The hide was originally intended to represent the amount of land farmed by a single household but was primarily connected to obligations owed (in England) to the Saxon and Norman kings, and thus varied greatly from place to place. Around the time of the Domesday Book under the Normans, the hide was usually but not always the land expected to produce £1 (1 Tower pound of sterling silver) in income over the year.

Hypernyms
  • (100 hides) barony
Hyponyms
  • (14 hide) See virgate
  • (18 hide) See oxgang
  • (116 hide) nook
  • farundel

Anagrams

  • Heid, Ihde, hied

Albanian

Alternative forms

  • ide

Etymology

From Turkish iğde (oleaster).

Pronunciation

  • IPA(key): /ˈhidɛ/

Noun

hide f (indefinite plural hide, definite singular hidja, definite plural hidet)

  1. (botany) jujube (Ziziphus jujuba)

Synonyms

  • xinxife

References


Middle English

Etymology 1

from Old English hīd, hȳd, hīġed, hīġid (a measure of land), from earlier *hīwid (the amount of land needed to support one family), a derivative of Proto-Germanic *hīwaz, *hīwō (relative, fellow-lodger, family), related to *hīwô (household).

Noun

hide (plural hides or hiden or hide)

  1. hide (unit of land)
Alternative forms
  • hyde
Descendants
  • English: hide
  • Scots: hyd, hid

References

  • “hīde, n.(2).”, in MED Online, Ann Arbor, Mich.: University of Michigan, 2007.

Etymology 2

From hiden (to hide).

Noun

hide

  1. concealment
  2. hiding spot
Alternative forms
  • hid, hyd, hyde
Descendants
  • English: hide
  • Scots: hide

References

  • “hīd(e, n.”, in MED Online, Ann Arbor, Mich.: University of Michigan, 2007.

Etymology 3

Noun

hide (plural hides or hiden)

  1. Alternative form of hyde (skin)

Etymology 4

Noun

hide

  1. Alternative form of hythe (landing place, port)

Etymology 5

Noun

hide (plural hides)

  1. Alternative form of heed (head)

Etymology 6

Verb

hide (third-person singular simple present hideth, present participle hidende, first-/third-person singular past indicative and past participle hidde)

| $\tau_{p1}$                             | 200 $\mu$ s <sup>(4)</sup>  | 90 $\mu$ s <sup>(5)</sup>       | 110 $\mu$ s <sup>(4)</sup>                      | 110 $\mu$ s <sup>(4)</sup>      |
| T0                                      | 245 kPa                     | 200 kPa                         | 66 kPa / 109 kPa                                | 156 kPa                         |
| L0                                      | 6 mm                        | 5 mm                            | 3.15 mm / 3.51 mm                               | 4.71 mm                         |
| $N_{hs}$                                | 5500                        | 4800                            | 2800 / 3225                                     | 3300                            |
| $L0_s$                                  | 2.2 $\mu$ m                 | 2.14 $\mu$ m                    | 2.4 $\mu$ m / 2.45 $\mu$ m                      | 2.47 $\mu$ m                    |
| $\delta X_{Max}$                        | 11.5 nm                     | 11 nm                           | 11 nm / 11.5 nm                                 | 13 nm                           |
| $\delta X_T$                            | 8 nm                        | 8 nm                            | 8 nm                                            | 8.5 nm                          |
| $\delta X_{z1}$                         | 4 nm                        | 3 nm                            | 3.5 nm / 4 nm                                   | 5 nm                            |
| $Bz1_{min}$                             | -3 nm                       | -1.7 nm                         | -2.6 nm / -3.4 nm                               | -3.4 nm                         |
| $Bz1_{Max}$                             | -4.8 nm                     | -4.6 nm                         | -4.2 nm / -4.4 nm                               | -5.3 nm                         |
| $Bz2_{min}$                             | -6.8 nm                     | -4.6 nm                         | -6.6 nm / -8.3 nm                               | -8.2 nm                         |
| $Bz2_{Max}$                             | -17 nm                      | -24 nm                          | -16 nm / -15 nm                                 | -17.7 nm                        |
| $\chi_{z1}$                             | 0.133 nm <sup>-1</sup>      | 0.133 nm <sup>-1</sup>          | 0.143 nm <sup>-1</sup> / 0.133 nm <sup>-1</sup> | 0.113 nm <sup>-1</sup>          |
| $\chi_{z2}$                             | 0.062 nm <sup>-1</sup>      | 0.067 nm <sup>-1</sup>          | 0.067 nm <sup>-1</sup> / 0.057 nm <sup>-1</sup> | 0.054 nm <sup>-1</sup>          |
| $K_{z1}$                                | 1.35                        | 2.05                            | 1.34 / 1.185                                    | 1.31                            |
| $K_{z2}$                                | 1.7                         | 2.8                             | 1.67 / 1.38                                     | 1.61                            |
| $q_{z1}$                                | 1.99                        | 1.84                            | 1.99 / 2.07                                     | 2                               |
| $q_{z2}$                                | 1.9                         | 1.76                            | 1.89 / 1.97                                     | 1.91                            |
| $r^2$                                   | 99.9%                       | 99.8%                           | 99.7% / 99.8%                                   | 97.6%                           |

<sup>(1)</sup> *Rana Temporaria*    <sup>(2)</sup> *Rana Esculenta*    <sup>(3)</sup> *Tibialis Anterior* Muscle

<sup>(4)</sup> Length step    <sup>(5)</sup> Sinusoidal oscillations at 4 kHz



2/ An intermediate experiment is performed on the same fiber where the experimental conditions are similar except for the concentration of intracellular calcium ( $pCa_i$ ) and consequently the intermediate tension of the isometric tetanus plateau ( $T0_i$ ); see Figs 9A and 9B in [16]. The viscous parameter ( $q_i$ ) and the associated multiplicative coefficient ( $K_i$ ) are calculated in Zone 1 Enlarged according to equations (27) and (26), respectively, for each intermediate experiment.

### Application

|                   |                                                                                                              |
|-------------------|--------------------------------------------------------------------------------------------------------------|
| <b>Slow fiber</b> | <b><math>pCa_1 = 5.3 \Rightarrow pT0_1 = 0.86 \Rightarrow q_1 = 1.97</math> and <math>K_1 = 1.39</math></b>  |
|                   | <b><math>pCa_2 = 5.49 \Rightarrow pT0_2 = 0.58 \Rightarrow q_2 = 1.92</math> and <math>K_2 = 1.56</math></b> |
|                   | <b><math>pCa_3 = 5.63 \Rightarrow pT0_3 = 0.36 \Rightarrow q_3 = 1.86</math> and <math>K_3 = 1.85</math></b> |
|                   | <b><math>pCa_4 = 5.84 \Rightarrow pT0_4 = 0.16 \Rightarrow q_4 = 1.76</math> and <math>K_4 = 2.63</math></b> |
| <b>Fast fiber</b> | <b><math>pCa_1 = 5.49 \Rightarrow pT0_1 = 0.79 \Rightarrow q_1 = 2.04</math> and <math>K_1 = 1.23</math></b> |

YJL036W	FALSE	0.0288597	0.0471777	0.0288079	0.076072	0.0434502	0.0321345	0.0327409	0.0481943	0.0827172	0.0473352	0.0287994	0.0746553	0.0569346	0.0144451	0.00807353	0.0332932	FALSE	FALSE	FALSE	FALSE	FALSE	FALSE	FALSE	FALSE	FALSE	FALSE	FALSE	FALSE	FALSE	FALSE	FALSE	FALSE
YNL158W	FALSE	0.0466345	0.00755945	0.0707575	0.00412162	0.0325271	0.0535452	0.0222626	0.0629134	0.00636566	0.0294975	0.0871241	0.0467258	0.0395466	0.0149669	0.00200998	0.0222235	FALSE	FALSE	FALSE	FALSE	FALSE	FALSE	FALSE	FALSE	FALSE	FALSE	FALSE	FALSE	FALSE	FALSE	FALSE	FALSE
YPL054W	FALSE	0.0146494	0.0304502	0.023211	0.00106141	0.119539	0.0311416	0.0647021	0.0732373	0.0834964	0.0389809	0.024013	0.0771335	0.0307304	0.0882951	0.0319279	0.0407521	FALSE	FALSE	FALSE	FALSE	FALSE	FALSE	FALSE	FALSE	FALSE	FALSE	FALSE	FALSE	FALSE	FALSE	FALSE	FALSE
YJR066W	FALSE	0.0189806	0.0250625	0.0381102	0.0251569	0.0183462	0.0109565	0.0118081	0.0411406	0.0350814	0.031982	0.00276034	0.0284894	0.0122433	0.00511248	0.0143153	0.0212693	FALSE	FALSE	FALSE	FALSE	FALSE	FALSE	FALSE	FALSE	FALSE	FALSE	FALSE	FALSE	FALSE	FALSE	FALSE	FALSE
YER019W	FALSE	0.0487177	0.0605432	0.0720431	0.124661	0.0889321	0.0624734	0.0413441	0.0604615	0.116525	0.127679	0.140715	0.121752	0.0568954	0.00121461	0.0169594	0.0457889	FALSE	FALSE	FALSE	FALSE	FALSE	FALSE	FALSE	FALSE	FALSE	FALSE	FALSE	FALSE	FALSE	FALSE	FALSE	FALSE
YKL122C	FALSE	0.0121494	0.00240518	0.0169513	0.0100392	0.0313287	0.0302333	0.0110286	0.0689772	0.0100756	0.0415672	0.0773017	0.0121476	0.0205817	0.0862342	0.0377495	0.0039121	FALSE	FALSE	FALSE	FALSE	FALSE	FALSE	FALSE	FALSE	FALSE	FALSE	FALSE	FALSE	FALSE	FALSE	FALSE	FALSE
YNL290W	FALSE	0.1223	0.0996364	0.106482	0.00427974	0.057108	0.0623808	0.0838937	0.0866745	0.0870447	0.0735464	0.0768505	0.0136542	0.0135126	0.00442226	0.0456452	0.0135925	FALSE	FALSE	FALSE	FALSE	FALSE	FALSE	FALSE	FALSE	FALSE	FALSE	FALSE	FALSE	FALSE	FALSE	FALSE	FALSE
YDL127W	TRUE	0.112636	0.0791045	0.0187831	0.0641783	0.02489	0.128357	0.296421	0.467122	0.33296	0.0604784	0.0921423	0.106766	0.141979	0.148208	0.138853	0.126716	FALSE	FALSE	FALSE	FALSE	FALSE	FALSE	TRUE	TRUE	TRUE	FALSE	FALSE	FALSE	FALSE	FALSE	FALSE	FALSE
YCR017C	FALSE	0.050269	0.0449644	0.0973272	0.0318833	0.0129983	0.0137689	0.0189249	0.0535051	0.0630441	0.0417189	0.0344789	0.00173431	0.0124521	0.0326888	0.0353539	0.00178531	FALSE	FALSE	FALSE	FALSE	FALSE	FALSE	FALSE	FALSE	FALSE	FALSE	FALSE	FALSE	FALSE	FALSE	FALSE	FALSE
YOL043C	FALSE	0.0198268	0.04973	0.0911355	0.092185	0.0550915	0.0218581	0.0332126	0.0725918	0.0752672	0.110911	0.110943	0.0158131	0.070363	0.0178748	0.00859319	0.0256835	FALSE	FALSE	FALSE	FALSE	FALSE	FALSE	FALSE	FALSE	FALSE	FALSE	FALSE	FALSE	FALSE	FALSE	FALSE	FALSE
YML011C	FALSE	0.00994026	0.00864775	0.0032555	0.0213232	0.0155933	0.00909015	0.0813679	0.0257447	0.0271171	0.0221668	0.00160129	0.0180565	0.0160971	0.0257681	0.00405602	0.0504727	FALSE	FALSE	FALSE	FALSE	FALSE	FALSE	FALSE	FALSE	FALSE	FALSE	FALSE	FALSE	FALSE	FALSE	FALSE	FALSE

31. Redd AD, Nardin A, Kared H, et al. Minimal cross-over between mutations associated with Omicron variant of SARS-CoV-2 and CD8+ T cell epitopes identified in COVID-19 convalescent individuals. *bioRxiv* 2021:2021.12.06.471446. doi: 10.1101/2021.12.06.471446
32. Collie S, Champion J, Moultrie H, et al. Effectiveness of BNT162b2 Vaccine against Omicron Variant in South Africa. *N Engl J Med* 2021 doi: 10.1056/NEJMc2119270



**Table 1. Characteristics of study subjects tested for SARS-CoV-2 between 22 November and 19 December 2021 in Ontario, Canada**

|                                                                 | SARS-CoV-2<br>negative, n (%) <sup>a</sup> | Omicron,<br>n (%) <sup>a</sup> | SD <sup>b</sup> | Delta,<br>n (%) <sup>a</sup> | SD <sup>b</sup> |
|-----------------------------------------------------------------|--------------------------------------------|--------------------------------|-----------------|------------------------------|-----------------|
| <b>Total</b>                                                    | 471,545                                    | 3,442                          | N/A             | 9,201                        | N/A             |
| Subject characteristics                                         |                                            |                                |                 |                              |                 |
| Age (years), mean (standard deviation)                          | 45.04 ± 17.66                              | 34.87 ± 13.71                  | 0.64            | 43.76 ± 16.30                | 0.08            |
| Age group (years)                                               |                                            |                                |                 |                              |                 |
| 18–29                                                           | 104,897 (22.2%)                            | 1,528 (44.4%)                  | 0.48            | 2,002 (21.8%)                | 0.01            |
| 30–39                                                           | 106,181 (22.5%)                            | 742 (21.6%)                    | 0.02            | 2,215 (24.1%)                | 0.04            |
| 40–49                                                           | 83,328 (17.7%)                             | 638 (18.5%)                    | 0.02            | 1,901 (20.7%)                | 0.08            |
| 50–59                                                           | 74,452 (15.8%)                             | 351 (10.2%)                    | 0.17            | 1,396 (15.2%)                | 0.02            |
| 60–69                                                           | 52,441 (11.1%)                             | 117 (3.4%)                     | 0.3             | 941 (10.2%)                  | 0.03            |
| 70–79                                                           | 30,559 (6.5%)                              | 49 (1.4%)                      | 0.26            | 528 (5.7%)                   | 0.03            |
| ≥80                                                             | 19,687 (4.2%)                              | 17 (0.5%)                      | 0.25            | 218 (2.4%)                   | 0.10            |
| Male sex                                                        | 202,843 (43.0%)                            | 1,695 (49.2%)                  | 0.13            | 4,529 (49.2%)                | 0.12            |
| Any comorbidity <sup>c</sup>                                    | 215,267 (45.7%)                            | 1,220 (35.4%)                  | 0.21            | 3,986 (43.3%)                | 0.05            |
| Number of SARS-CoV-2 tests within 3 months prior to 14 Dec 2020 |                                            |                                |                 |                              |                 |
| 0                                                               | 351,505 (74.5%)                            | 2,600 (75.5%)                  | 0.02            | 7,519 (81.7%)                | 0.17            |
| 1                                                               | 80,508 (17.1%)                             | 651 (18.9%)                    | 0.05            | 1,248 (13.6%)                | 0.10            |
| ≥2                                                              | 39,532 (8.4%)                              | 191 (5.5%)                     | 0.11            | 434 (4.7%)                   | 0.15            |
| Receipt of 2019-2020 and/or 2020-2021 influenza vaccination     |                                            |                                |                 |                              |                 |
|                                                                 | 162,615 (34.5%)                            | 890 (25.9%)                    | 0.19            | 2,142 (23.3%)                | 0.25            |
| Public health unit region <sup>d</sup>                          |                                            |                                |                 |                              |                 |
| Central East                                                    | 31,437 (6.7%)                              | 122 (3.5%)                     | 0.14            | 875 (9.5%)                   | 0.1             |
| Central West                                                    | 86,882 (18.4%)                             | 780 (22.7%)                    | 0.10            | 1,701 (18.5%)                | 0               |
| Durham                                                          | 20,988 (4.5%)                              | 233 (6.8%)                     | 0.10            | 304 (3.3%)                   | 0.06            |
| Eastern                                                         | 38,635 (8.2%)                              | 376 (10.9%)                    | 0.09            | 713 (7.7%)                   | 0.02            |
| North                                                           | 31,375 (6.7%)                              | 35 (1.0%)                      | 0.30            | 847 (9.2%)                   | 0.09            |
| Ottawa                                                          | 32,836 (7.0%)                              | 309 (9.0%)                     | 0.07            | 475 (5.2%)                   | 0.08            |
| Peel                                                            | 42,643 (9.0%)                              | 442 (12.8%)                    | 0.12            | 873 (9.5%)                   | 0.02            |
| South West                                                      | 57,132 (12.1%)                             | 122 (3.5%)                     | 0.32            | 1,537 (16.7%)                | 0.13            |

1. Alternative form of hiden (to hide)


English

Etymology 1

From Middle English pelt, from Old French pelette, diminutive of pel (a skin), from Latin pellis. Alternatively a contraction of peltry (skins) from the same Old French and Latin roots.
Norwegian pels, Norwegian belte

Pronunciation

  • IPA(key): /pɛlt/
  • Rhymes: -ɛlt

Noun

pelt (plural pelts)

  1. The skin of a beast with the hair on; a raw or undressed hide; a skin preserved with the hairy or woolly covering on it.
  2. The body of any quarry killed by a hawk.
  3. (humorous) Human skin.
    • A scabby tetter on their pelts will stick
Related terms
Translations

Etymology 2

From Middle English pelten, pilten, pulten, perhaps from Old English *pyltan.

Verb

pelt (third-person singular simple present pelts, present participle pelting, simple past and past participle pelted)

  1. (transitive) To bombard, as with missiles.
    They pelted the attacking army with bullets.
  2. (transitive) To throw; to use as a missile.
    The children pelted apples at us.
  3. (intransitive) To rain or hail heavily.
    It’s pelting down out there!
  4. (transitive) To beat or hit, especially repeatedly.
  5. (intransitive) To move rapidly, especially in or on a conveyance.
    The boy pelted down the hill on his toboggan.
  6. (intransitive, obsolete) To throw out words.
Translations

Noun

pelt (plural pelts)

  1. A blow or stroke from something thrown.
    • 2013, Karen-Anne Stewart, Healing Rain (page 134)
      Kas is awakened by the furious pelts of rain hitting the tin roof, and he rolls over, pulling his sleeping wife tightly into his arms.

References

  • Douglas Harper (2001–2021), “pelt”, in Online Etymology Dictionary.

Anagrams

  • -lept, lept, lept-

Dutch

Pronunciation

Verb

pelt

  1. second- and third-person singular present indicative of pellen
  2. (archaic) plural imperative of pellen